Battling the Opioid Crisis in a Time of COVID-19

Battling the Opioid Crisis in a Time of COVID-19

To our country still reeling from its ongoing opioid epidemic came the COVID-19 pandemic. The public health crises in the U.S. this time did not come one after the other but overlapped. One health crisis is already one too many. 

These twin battles need to be fought at the same time. It is possible with technology. And neither severity nor urgency will win the argument for which crisis should be a priority—because both are claiming lives. 


COVID-19 has disrupted practically all of society’s functionality. The domino effect of a beleaguered healthcare system is far-reaching. It has not spared the substance abuse disorder patient community, either those who are recovering or those who still need saving.


All areas of healthcare have rapidly adapted to the temporary normal: a restricted care setting where physical distancing, home quarantine, and isolation are the new imperatives for containment. And enforced in hospitals and health centers are strong infection prevention and control protocols. The COVID-19 pandemic poses a unique challenge in that all these had to be done in rapid-fire speed and providers have to work at a furious pace, beyond normal capacity.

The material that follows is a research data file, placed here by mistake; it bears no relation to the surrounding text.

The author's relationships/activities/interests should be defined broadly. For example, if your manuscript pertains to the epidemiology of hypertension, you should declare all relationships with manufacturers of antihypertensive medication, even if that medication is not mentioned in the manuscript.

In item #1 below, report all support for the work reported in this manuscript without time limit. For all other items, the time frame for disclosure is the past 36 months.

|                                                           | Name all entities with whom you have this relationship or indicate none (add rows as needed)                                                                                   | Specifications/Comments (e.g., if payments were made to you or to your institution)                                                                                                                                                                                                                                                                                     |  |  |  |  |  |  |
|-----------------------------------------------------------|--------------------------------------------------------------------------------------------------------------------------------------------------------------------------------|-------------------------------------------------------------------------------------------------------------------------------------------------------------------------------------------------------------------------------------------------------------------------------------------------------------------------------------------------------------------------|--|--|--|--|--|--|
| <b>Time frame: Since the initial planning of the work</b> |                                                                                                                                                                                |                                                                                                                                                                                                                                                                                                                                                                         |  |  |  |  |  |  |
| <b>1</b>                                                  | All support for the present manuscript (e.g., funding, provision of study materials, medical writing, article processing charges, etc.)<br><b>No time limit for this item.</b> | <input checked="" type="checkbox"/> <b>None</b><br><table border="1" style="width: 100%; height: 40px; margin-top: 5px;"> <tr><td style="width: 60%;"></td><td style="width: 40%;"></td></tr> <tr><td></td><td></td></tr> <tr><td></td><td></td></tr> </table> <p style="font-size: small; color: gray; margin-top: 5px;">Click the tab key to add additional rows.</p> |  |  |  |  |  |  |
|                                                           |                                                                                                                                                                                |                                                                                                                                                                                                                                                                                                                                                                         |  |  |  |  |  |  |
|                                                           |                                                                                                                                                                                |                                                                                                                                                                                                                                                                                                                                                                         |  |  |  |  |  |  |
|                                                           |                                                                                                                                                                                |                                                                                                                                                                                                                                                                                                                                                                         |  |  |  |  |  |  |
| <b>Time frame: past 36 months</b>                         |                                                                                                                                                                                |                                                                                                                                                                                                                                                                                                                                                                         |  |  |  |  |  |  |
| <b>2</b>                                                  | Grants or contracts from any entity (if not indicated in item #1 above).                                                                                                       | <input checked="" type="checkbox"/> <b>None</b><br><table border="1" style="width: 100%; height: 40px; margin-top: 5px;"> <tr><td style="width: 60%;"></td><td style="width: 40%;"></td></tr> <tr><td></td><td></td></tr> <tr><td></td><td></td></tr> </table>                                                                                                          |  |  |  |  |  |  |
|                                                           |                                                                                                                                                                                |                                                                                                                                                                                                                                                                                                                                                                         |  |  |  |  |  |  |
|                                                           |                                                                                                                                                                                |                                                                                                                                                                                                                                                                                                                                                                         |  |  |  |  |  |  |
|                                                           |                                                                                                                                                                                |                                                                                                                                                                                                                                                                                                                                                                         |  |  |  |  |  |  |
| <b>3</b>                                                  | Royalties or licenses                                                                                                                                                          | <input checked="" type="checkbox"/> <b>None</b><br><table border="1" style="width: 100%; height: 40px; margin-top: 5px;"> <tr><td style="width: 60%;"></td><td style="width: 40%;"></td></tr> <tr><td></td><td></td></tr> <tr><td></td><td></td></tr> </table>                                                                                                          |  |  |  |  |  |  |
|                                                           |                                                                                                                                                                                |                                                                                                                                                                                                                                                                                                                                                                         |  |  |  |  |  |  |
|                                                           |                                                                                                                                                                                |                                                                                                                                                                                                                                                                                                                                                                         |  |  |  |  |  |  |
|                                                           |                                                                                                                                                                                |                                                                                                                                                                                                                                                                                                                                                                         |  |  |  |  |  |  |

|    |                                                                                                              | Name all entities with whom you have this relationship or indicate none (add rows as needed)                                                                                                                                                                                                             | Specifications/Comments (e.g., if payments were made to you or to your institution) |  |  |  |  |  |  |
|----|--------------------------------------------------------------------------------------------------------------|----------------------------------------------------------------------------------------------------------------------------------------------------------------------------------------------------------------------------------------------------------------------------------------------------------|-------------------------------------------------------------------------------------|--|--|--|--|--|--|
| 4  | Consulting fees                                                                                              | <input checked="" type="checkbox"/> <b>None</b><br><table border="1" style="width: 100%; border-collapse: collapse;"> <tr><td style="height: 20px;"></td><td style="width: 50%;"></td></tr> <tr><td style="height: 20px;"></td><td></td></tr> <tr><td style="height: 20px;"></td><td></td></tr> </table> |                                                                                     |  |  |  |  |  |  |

Substance use disorder treatment also had to comply, as there are considerations in place for crisis centers and clinicians to manage the treatment of alcohol or benzodiazepine withdrawal during the COVID-19 pandemic. Guidelines for outpatient and inpatient services have been set by the Substance Abuse and Mental Health Services Administration (SAMHSA) to include the use of telemedicine for an initial visit between a patient and doctor employing medication-assisted treatment


Flattening the Curve


Efforts to flatten the curve of the opioid epidemic also need to be sustained. As urgent as the need to reduce person-to-person proximity amid the spread of the coronavirus is the uninterrupted treatment for opioid addiction. For either and for both, we are in a race against time to save lives.


Spectrum Health Systems knows so well that with or without the pandemic their patients need medications every single day. “This treatment saves lives, so we’ve got to keep finding ways to push through this pandemic,” said Kristin Nolan, vice president of behavioral health for Spectrum.